Feast like a Viking

Exploring Nordic cuisine & culture in Utah

Has the current Vikings: Beyond the Legend exhibit at the Natural History Museum of Utah made you want to adopt a Viking lifestyle? While setting out in a longship to raid a distant village might not be in the cards, eating like Scandinavians of yore is.

For the Vikings, life revolved around pig, cattle and sheep farms. They roasted their meat on spits over embers or open flames and also enjoyed seafood. As in many ancient food cultures, bread played a pivotal role. And while Vikings get a bad rap for table manners, they actually did use utensils on occasion, such as bone spoons for soup.

Here’s another myth to bust: Vikings weren’t the big hunters they’re often depicted to be. “Hunting is a bit special and most likely more a part of societies’ upper-class occupation than food providing,” explains Antje Wendt, a curator at The Swedish History Museum, which created the traveling Vikings: Beyond the Legend exhibit. “This kind of meat would be eaten only at very special occasions.”

So, you don’t have to pull a hunting permit and abandon cutlery to eat like a Viking. And it just so happens there are a few places right in the Salt Lake area serving cuisine befitting Valhalla itself.

sub1The Viking Yurt
One of the cornerstones of the Viking lifestyle is, of course, the cold. After all, the people now known as Vikings were living in the northern reaches of Europe between 750-1100 C.E., before the days of modern heating or down jackets. But here in the Wasatch, we’re no strangers to chilly temps either. That’s why winter is the perfect time to truly dine as the Vikings did. And the best place to do so is The Viking Yurt. While the yurt is located at Park City Mountain, it’s privately owned by wife-and-husband team Joy Merritt Vik and Geir Vik.

The four-hour experience begins with a 23-minute sleigh ride that gains 1,800 feet up to a wood stove-heated yurt. There, the Viks take visitors through a culinary Viking journey that begins with a glass of glögg and sails through five more courses, including an appropriately meaty entrée such as braised short ribs and a cheese course served on an aspen slab designed to be eaten by hand, Viking style.

Every year, the Viks gain new inspiration for their menu by traveling to Geir’s native Norway. It was a trip there that gave Joy the idea to start serving her intermezzo course—a sorbet palate cleanser—in a dish made from Norwegian rocks. “A famous Norwegian geologist made 50 rocks for me from rock collected all over Norway,” she explains. The Viking Yurt opens Dec. 15 for service, but you can begin making reservations Oct. 1.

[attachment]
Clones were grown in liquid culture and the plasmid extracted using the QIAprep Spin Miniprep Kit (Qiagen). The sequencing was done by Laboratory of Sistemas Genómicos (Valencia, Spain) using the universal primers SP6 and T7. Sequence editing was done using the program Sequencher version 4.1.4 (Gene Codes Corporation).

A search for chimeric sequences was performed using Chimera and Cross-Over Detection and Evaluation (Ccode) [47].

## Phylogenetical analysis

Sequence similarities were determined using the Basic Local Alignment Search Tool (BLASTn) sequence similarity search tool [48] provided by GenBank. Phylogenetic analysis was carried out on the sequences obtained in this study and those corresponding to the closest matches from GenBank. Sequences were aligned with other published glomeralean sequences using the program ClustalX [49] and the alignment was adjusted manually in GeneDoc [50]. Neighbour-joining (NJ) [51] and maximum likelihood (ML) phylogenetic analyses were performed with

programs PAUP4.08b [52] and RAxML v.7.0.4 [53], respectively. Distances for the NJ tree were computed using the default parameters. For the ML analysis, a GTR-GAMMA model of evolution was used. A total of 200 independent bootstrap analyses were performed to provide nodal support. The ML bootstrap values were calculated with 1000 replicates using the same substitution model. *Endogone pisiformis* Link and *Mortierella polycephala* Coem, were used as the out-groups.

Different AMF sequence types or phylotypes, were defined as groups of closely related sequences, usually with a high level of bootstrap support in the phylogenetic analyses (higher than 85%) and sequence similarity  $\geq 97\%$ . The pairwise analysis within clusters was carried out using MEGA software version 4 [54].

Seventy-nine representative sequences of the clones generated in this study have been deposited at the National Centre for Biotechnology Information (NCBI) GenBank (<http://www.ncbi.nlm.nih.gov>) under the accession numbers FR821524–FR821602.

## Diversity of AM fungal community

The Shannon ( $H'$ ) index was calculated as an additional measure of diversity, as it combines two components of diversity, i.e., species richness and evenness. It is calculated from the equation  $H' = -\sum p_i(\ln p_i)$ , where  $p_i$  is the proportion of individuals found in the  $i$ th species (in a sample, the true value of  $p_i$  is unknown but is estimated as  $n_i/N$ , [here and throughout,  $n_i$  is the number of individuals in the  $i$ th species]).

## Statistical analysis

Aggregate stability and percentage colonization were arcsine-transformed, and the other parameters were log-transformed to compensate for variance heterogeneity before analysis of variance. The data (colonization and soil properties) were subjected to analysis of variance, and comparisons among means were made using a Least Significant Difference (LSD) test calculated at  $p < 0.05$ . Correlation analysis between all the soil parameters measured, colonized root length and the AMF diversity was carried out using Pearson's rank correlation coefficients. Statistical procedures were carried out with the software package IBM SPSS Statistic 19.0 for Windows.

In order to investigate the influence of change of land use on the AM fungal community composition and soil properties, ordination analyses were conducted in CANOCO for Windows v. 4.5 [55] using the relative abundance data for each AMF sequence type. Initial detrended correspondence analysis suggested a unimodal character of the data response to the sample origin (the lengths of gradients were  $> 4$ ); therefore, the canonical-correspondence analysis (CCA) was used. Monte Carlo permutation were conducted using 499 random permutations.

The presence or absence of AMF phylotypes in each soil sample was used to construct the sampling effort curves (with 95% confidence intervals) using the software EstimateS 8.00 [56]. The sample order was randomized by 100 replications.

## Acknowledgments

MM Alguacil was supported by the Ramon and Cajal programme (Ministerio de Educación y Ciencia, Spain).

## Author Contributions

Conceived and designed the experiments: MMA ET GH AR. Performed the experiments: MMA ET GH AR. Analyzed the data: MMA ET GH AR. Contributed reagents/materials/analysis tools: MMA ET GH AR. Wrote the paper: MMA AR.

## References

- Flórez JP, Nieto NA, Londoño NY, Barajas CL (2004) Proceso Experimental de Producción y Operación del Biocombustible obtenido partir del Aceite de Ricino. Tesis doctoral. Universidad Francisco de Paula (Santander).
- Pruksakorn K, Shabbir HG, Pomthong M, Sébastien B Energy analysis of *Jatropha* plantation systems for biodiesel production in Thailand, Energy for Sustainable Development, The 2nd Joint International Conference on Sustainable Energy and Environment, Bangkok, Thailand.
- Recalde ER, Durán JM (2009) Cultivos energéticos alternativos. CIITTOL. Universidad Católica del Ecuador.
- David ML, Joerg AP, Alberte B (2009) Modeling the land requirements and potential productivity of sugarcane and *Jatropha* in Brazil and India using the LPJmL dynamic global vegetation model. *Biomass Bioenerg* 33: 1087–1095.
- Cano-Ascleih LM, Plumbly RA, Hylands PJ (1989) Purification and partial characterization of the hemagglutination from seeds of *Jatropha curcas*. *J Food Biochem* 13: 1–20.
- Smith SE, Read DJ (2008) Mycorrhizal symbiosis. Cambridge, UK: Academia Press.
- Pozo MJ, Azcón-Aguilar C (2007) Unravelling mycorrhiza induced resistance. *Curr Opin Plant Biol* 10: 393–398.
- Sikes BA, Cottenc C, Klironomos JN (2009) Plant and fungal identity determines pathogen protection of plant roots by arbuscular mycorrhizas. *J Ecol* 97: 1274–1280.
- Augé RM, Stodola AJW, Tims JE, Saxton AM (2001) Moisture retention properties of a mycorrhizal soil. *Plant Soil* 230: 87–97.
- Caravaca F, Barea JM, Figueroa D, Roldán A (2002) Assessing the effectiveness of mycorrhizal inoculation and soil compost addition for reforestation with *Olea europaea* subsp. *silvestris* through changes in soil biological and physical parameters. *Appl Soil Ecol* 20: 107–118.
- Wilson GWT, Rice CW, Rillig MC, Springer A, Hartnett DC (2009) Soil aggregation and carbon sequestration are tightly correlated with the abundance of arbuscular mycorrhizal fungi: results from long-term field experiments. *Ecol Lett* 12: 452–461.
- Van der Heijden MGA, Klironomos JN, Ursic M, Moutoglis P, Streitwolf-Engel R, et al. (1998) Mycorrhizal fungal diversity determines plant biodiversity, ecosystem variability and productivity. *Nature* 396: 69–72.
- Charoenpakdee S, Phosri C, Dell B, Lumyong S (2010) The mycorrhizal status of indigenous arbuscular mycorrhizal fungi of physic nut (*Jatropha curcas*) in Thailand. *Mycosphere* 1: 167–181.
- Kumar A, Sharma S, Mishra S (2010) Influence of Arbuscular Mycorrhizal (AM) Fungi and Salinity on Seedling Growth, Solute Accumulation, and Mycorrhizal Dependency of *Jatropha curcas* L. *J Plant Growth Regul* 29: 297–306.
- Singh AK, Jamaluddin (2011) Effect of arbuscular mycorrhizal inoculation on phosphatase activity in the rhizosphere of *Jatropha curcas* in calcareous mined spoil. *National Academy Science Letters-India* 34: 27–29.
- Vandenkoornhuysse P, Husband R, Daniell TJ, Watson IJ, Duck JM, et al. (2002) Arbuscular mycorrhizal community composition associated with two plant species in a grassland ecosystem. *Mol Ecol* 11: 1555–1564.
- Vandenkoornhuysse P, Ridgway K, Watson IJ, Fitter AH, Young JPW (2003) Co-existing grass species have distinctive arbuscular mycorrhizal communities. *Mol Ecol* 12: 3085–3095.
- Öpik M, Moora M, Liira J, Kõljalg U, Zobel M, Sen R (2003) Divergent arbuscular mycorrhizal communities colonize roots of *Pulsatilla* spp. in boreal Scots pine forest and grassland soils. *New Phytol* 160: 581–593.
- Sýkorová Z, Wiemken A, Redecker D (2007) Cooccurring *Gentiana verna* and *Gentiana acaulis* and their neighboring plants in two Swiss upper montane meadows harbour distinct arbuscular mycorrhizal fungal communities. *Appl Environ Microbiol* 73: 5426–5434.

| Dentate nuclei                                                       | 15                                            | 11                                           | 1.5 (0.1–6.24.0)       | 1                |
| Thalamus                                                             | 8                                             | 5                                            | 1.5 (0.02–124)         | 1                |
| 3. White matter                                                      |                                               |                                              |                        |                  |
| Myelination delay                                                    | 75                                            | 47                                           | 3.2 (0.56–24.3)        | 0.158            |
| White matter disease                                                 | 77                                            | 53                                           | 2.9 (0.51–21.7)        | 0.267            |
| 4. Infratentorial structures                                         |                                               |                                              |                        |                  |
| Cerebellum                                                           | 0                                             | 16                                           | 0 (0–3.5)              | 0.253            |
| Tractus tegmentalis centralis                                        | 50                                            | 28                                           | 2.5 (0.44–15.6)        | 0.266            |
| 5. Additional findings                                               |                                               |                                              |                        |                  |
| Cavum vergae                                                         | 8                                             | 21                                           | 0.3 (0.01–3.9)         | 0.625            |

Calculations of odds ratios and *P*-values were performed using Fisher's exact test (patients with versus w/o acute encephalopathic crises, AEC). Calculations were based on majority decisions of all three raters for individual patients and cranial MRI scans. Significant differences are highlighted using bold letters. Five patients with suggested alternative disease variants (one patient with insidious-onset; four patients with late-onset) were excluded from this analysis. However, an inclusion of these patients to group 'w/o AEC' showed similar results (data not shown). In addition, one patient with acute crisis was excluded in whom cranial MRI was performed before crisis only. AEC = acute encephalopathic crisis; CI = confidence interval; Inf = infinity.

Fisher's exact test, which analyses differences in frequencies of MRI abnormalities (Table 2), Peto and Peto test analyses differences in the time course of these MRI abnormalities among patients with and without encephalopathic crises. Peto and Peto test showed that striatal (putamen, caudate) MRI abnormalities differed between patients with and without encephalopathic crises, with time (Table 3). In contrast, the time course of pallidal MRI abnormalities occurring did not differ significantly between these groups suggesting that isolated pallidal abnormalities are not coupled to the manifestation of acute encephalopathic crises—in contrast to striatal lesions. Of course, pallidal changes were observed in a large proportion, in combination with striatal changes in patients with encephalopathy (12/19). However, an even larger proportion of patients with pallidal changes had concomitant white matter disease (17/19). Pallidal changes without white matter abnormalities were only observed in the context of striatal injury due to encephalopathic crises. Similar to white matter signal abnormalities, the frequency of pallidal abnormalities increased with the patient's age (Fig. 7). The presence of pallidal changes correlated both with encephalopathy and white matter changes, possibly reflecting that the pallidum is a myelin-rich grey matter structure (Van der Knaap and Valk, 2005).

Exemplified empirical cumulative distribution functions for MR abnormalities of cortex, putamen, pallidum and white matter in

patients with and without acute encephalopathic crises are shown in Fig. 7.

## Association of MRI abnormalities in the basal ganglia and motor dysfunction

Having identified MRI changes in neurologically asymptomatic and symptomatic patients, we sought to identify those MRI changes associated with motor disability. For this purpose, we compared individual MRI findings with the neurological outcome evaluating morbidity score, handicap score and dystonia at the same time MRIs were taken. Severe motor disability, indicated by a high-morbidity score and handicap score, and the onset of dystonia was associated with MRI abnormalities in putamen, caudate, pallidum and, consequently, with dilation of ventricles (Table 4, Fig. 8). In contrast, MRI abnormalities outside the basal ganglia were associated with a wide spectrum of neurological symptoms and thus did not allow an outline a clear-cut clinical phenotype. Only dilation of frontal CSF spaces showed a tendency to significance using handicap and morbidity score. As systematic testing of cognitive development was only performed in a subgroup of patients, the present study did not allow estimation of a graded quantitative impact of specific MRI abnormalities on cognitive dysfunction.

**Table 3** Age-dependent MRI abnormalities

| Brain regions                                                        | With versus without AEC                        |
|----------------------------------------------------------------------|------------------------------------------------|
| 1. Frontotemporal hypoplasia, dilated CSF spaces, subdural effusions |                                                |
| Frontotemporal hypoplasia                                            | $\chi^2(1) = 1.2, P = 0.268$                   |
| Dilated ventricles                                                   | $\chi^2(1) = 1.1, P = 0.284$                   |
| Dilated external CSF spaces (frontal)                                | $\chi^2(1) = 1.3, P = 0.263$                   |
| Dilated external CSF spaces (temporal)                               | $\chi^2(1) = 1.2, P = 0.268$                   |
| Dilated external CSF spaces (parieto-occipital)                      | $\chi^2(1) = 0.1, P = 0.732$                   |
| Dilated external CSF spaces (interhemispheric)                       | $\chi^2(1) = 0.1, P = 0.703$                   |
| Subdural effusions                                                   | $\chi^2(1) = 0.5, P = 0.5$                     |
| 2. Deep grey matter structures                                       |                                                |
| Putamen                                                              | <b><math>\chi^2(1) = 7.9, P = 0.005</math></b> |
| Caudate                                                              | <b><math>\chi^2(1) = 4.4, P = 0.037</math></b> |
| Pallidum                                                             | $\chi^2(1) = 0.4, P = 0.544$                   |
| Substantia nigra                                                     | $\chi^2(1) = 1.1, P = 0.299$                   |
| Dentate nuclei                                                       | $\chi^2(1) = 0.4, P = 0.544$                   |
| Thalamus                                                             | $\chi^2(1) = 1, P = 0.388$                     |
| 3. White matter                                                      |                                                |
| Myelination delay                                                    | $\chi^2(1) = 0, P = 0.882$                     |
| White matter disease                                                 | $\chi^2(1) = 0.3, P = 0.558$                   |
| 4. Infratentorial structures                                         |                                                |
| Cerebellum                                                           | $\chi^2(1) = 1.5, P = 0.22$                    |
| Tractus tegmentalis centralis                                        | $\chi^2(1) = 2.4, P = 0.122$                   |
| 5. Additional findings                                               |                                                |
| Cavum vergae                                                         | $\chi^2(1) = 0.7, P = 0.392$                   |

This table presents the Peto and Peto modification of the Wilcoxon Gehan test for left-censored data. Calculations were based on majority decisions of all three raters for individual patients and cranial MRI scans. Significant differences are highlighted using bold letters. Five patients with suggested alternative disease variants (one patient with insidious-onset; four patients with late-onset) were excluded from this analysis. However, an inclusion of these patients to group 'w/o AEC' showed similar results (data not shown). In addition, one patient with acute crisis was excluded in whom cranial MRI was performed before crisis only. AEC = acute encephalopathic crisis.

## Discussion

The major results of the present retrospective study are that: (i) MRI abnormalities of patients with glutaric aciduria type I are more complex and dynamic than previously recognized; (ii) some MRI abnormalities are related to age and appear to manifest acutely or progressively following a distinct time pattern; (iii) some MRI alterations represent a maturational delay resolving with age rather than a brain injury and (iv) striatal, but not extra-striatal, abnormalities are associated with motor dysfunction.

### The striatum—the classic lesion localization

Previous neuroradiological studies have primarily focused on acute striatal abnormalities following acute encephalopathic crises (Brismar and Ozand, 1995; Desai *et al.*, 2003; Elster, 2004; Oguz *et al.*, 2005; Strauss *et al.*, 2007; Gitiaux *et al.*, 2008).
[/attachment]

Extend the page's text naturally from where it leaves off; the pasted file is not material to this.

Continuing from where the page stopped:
sub2Finn’s Cafe
If you can’t wait until December for a taste of Norway, head to Finn’s. The café has more or less been around since 1952 when Finn Gurholt first opened this tribute to his Norwegian heritage atop Parleys Way in Salt Lake. After closing down in the early ’90s, Gurholt’s son, Finn, Jr., reopened it in Sugar House in 2006.

Take advantage of warmer fall days and head straight to the patio, where suspended sail-like blue cloth panels offer shade and just the right amount of sun. Finn’s serves breakfast all day, so you can enjoy Norwegian waffles with wild lingonberries or a traditional Scandinavian breakfast for lunch if you please. Scandinavia has developed a reputation of late for open-faced sandwiches, and you can sample these, too, with selections like roast turkey with lingonberry jam and dill-laced bay shrimp salad.

For a truer Viking experience, dig into the craggy hand-formed spicy meatballs in the Norwegian vegetable soup, or brave the signature Pyttipanna—chopped beef, potato, carrot and onion crowned by a poached egg. And, appreciate the steadfast Viking dedication to the loaf still alive at Finn’s, which bakes all its own breads (except the English muffins).

1624 S. 1100 East, SLC

sub3The Old Dutch Store
Few Viking adults lived to be older than 34 and at one ancient site, the average age of death was as young as 23. That means to live like a Viking, you must live it up. So, forego dieting and frugality and go on a Scandi-shopping spree at this adorable grocery store in Sugar House. You can even make an afternoon out of it, procuring a brat or sandwich at the deli in the back to eat on the little sidewalk patio beneath a row of northern European flags waving above. Start by investing in a Scandinavian cookbook, then pick up some authentic imported condiments, snacks and—why not—salt licorice.

2696 S. Highland Drive, SLC

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